This book claims classic status, and argues that computers may need to have emotions too in the future. It travels from the realms of the `universal' language of human facial emotion, through brain structure, to discuss the social and biological value of the emotions. In the process, it argues that Spock could never have evolved, because emotions are so important in effective decision-making alongside Spock-like reason.
It travels on from that to efforts at philosophy - defining emotions - in ways which gloss over the physiological basis of emotions in the brain and in physical impact on the body - so it is easier for him to argue that computers could truly have emotions. Interestingly, the picture he uses of two robots falling in love is of course of two robots in human bodies.
Much of this is superficial. But there are gems of insight and nuggets of information reviewing the experimental literature - some good stories along the way ranging from how we flirt when anxious, to tips for interior decor!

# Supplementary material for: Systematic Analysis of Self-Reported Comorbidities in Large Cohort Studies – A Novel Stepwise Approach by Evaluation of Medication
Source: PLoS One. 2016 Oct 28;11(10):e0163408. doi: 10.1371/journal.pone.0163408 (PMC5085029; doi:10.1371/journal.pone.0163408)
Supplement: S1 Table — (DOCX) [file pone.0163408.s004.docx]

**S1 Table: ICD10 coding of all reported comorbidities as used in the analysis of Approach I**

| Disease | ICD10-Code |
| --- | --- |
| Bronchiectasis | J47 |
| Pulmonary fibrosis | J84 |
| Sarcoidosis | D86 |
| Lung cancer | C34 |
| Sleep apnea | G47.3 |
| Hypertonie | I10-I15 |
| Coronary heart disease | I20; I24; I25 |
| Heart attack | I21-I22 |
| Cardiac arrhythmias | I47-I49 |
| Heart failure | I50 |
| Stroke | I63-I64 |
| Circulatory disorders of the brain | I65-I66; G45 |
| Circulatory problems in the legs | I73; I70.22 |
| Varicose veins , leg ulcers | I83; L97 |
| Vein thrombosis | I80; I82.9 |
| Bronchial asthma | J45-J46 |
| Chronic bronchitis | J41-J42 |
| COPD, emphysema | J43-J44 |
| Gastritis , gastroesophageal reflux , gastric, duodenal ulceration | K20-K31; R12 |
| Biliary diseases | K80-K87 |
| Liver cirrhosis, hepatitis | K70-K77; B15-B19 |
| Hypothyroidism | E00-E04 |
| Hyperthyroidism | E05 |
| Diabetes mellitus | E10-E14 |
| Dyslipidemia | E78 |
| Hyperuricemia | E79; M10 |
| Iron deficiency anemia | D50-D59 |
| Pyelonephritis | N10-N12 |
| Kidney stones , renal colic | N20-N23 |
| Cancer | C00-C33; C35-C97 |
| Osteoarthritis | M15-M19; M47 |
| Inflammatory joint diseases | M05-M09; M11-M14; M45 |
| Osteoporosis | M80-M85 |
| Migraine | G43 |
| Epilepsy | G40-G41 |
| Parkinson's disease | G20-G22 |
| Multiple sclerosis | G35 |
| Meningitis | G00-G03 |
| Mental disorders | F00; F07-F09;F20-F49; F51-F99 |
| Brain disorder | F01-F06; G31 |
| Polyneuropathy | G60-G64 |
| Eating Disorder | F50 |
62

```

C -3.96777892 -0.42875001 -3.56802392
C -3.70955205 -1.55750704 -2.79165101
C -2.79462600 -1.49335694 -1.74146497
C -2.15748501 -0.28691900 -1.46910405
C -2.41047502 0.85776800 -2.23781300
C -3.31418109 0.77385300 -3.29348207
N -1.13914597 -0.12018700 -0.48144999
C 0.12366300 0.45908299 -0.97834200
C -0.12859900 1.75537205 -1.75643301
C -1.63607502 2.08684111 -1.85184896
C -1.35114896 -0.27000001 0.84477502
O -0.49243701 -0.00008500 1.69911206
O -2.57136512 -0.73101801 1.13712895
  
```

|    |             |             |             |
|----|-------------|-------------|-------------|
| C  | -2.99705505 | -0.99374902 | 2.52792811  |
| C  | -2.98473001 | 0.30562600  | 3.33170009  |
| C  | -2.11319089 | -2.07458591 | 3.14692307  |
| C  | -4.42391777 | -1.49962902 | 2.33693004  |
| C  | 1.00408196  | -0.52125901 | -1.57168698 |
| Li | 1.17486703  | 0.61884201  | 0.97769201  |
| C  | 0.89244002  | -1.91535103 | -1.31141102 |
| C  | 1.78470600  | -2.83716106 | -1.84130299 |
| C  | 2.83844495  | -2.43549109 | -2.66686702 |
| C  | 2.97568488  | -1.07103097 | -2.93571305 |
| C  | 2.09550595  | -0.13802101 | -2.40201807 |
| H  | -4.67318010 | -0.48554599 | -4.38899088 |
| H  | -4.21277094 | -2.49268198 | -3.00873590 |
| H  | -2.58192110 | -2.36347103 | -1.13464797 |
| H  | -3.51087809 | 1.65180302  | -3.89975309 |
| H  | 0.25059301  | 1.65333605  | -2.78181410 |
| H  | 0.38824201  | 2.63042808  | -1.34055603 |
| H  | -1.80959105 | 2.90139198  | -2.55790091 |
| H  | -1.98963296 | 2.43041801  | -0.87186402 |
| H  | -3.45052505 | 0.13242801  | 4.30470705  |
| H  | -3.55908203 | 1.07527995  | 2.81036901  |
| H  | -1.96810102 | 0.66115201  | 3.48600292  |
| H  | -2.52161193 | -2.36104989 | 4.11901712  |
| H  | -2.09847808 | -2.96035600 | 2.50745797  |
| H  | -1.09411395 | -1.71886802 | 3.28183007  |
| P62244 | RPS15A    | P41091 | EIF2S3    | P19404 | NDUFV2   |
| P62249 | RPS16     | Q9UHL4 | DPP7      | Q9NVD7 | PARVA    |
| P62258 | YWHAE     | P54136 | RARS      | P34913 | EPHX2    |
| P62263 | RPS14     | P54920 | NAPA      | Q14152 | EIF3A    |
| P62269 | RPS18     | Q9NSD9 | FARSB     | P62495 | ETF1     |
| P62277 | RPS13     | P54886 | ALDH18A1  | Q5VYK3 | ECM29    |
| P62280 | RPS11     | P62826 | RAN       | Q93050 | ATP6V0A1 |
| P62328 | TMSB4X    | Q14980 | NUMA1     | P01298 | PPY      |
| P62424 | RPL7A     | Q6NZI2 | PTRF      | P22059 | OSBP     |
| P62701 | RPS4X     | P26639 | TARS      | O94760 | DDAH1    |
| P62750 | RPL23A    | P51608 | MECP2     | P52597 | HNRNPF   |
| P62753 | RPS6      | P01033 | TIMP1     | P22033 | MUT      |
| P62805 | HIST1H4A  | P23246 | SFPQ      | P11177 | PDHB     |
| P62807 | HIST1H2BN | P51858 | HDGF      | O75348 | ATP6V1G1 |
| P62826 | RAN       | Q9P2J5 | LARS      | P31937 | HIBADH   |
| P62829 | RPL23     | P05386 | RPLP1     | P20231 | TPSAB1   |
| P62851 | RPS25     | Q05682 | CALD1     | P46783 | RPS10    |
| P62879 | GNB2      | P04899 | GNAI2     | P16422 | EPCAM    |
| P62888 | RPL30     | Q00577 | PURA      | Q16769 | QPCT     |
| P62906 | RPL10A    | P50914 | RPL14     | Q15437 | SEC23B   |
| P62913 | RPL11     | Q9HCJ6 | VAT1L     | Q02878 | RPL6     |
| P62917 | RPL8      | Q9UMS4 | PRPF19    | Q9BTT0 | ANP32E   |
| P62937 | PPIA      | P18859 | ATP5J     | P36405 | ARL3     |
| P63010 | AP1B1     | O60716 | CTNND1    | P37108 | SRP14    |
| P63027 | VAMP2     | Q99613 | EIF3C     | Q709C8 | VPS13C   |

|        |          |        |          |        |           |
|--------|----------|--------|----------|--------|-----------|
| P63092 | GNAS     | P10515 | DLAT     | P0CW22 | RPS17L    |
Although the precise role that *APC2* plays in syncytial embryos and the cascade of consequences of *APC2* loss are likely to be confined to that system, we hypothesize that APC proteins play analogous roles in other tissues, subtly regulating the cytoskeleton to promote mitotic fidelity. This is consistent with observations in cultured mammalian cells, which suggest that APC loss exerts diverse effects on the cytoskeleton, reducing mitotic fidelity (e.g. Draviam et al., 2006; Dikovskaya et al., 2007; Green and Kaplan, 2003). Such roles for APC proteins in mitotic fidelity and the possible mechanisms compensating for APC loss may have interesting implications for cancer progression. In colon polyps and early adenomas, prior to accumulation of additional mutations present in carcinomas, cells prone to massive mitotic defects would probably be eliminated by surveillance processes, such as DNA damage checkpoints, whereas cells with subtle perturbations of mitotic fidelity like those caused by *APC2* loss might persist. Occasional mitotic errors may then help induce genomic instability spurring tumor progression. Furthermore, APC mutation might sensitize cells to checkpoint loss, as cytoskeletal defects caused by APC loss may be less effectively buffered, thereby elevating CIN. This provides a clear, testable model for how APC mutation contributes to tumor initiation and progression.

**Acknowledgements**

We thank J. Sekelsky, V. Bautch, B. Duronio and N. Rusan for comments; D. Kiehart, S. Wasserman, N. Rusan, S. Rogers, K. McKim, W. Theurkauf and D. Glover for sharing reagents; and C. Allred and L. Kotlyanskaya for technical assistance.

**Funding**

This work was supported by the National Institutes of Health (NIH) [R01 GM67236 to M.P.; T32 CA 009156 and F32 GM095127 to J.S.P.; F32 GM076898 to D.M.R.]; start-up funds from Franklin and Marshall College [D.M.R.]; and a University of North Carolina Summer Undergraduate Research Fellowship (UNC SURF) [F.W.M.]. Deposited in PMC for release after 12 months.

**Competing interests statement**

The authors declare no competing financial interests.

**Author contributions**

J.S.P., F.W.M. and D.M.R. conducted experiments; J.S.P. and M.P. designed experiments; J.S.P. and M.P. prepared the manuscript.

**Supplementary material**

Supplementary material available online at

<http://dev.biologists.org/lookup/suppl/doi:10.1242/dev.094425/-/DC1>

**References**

Emotions are effective decision-takers guiding natural selection - they help us make better decisions eg to protect a friend from death, to help each other, to run away, and they help us because we anticipate those emotions and therefore act to avoid or achieve them, learning to do so from others as well as by experience. OK. It's a sensible argument, and the emotional brain doesn't do it rationally, it goes straight from sensory thalamus to amygdale and emotional response, often bypassing the cortex that may attempt to rationalise or reassess afterwards.
There is a good discussion of the pluses and minuses of talking to manage emotion - joking, venting, eliminating negative thoughts. But sometimes it helps just to forget about things - `in one study of road accident victims, those who had undergone debriefing had more flashbacks and more fear a year after the accident than those who had not.'
The book ends on a nice jibe at economists - after various accounts of how we can be manipulated. An economist is a person who, given a set of preferences, will act to `maximise' these preferences. But there is no such thing in economics as an irrational preference. Economics `says nothing about where these preferences come from, nor whether it is rational to have some preferences rather than others... This seems crazy to me.'